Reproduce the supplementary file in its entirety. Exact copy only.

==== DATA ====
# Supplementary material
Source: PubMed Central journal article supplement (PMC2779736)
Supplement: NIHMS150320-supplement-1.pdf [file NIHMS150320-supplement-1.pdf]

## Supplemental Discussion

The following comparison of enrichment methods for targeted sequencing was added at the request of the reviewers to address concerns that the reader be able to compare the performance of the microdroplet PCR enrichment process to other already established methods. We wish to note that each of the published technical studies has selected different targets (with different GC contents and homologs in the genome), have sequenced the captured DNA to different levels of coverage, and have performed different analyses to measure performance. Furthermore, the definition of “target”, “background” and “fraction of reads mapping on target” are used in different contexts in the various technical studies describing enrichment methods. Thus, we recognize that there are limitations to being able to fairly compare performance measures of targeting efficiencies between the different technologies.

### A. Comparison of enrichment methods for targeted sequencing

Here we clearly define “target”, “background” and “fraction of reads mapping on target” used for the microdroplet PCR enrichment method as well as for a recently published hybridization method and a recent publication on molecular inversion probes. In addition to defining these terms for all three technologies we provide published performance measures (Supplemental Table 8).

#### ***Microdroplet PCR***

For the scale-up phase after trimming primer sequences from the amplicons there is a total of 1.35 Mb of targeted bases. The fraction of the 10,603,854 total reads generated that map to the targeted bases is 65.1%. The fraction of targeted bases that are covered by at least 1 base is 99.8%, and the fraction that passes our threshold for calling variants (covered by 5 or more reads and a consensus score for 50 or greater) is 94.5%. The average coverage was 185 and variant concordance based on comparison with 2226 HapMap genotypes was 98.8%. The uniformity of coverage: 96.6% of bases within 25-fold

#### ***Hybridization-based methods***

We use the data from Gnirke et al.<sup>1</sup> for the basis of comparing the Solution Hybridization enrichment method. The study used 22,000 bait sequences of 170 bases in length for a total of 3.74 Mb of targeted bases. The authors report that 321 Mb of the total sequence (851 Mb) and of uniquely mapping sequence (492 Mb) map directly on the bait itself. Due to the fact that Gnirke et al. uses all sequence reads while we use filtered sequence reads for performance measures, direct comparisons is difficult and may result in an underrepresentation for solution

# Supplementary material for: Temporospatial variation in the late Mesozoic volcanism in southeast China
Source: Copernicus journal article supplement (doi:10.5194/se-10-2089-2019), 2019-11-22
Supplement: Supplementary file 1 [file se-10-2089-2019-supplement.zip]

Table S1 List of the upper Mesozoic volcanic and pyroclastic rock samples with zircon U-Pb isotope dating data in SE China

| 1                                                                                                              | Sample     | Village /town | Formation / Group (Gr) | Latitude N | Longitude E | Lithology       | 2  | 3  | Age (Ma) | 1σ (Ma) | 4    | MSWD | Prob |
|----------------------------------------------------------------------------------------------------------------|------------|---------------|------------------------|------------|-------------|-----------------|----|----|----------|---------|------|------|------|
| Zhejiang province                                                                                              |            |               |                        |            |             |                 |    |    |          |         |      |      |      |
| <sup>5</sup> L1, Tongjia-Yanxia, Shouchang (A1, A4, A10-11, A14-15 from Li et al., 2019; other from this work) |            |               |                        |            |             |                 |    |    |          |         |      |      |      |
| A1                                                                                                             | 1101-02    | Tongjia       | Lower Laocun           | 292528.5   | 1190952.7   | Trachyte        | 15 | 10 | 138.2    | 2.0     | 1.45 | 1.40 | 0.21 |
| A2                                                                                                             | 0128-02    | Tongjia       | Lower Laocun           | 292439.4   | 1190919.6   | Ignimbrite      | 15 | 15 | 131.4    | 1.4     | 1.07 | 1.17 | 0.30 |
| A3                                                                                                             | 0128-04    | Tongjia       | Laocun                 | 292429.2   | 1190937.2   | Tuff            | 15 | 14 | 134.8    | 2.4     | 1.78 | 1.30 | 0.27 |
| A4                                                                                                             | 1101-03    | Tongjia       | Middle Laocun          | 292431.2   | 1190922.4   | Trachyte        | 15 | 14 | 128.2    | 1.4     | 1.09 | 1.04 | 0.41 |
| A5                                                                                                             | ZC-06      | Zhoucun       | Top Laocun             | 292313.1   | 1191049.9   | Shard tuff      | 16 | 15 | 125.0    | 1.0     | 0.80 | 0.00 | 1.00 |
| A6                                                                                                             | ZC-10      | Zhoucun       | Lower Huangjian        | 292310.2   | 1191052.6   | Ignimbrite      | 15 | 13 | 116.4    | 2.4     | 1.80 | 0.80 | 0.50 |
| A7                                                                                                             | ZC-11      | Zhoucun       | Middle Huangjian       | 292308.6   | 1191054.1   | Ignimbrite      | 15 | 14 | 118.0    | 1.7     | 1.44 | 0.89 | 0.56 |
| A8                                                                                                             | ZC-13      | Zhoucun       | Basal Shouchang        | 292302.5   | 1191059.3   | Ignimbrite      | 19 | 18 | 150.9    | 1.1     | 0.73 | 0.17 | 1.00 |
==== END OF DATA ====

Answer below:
# Supplementary material
Source: PubMed Central journal article supplement (PMC2779736)
Supplement: NIHMS150320-supplement-1.pdf [file NIHMS150320-supplement-1.pdf]

## Supplemental Discussion

The following comparison of enrichment methods for targeted sequencing was added at the request of the reviewers to address concerns that the reader be able to compare the performance of the microdroplet PCR enrichment process to other already established methods. We wish to note that each of the published technical studies has selected different targets (with different GC contents and homologs in the genome), have sequenced the captured DNA to different levels of coverage, and have performed different analyses to measure performance. Furthermore, the definition of “target”, “background” and “fraction of reads mapping on target” are used in different contexts in the various technical studies describing enrichment methods. Thus, we recognize that there are limitations to being able to fairly compare performance measures of targeting efficiencies between the different technologies.

### A. Comparison of enrichment methods for targeted sequencing

Here we clearly define “target”, “background” and “fraction of reads mapping on target” used for the microdroplet PCR enrichment method as well as for a recently published hybridization method and a recent publication on molecular inversion probes. In addition to defining these terms for all three technologies we provide published performance measures (Supplemental Table 8).

#### ***Microdroplet PCR***

For the scale-up phase after trimming primer sequences from the amplicons there is a total of 1.35 Mb of targeted bases. The fraction of the 10,603,854 total reads generated that map to the targeted bases is 65.1%. The fraction of targeted bases that are covered by at least 1 base is 99.8%, and the fraction that passes our threshold for calling variants (covered by 5 or more reads and a consensus score for 50 or greater) is 94.5%. The average coverage was 185 and variant concordance based on comparison with 2226 HapMap genotypes was 98.8%. The uniformity of coverage: 96.6% of bases within 25-fold

#### ***Hybridization-based methods***

We use the data from Gnirke et al.<sup>1</sup> for the basis of comparing the Solution Hybridization enrichment method. The study used 22,000 bait sequences of 170 bases in length for a total of 3.74 Mb of targeted bases. The authors report that 321 Mb of the total sequence (851 Mb) and of uniquely mapping sequence (492 Mb) map directly on the bait itself. Due to the fact that Gnirke et al. uses all sequence reads while we use filtered sequence reads for performance measures, direct comparisons is difficult and may result in an underrepresentation for solution

# Supplementary material for: Temporospatial variation in the late Mesozoic volcanism in southeast China
Source: Copernicus journal article supplement (doi:10.5194/se-10-2089-2019), 2019-11-22
Supplement: Supplementary file 1 [file se-10-2089-2019-supplement.zip]

Table S1 List of the upper Mesozoic volcanic and pyroclastic rock samples with zircon U-Pb isotope dating data in SE China

| 1                                                                                                              | Sample     | Village /town | Formation / Group (Gr) | Latitude N | Longitude E | Lithology       | 2  | 3  | Age (Ma) | 1σ (Ma) | 4    | MSWD | Prob |
|----------------------------------------------------------------------------------------------------------------|------------|---------------|------------------------|------------|-------------|-----------------|----|----|----------|---------|------|------|------|
| Zhejiang province                                                                                              |            |               |                        |            |             |                 |    |    |          |         |      |      |      |
| <sup>5</sup> L1, Tongjia-Yanxia, Shouchang (A1, A4, A10-11, A14-15 from Li et al., 2019; other from this work) |            |               |                        |            |             |                 |    |    |          |         |      |      |      |
| A1                                                                                                             | 1101-02    | Tongjia       | Lower Laocun           | 292528.5   | 1190952.7   | Trachyte        | 15 | 10 | 138.2    | 2.0     | 1.45 | 1.40 | 0.21 |
| A2                                                                                                             | 0128-02    | Tongjia       | Lower Laocun           | 292439.4   | 1190919.6   | Ignimbrite      | 15 | 15 | 131.4    | 1.4     | 1.07 | 1.17 | 0.30 |
| A3                                                                                                             | 0128-04    | Tongjia       | Laocun                 | 292429.2   | 1190937.2   | Tuff            | 15 | 14 | 134.8    | 2.4     | 1.78 | 1.30 | 0.27 |
| A4                                                                                                             | 1101-03    | Tongjia       | Middle Laocun          | 292431.2   | 1190922.4   | Trachyte        | 15 | 14 | 128.2    | 1.4     | 1.09 | 1.04 | 0.41 |
| A5                                                                                                             | ZC-06      | Zhoucun       | Top Laocun             | 292313.1   | 1191049.9   | Shard tuff      | 16 | 15 | 125.0    | 1.0     | 0.80 | 0.00 | 1.00 |
| A6                                                                                                             | ZC-10      | Zhoucun       | Lower Huangjian        | 292310.2   | 1191052.6   | Ignimbrite      | 15 | 13 | 116.4    | 2.4     | 1.80 | 0.80 | 0.50 |
| A7                                                                                                             | ZC-11      | Zhoucun       | Middle Huangjian       | 292308.6   | 1191054.1   | Ignimbrite      | 15 | 14 | 118.0    | 1.7     | 1.44 | 0.89 | 0.56 |
| A8                                                                                                             | ZC-13      | Zhoucun       | Basal Shouchang        | 292302.5   | 1191059.3   | Ignimbrite      | 19 | 18 | 150.9    | 1.1     | 0.73 | 0.17 | 1.00 |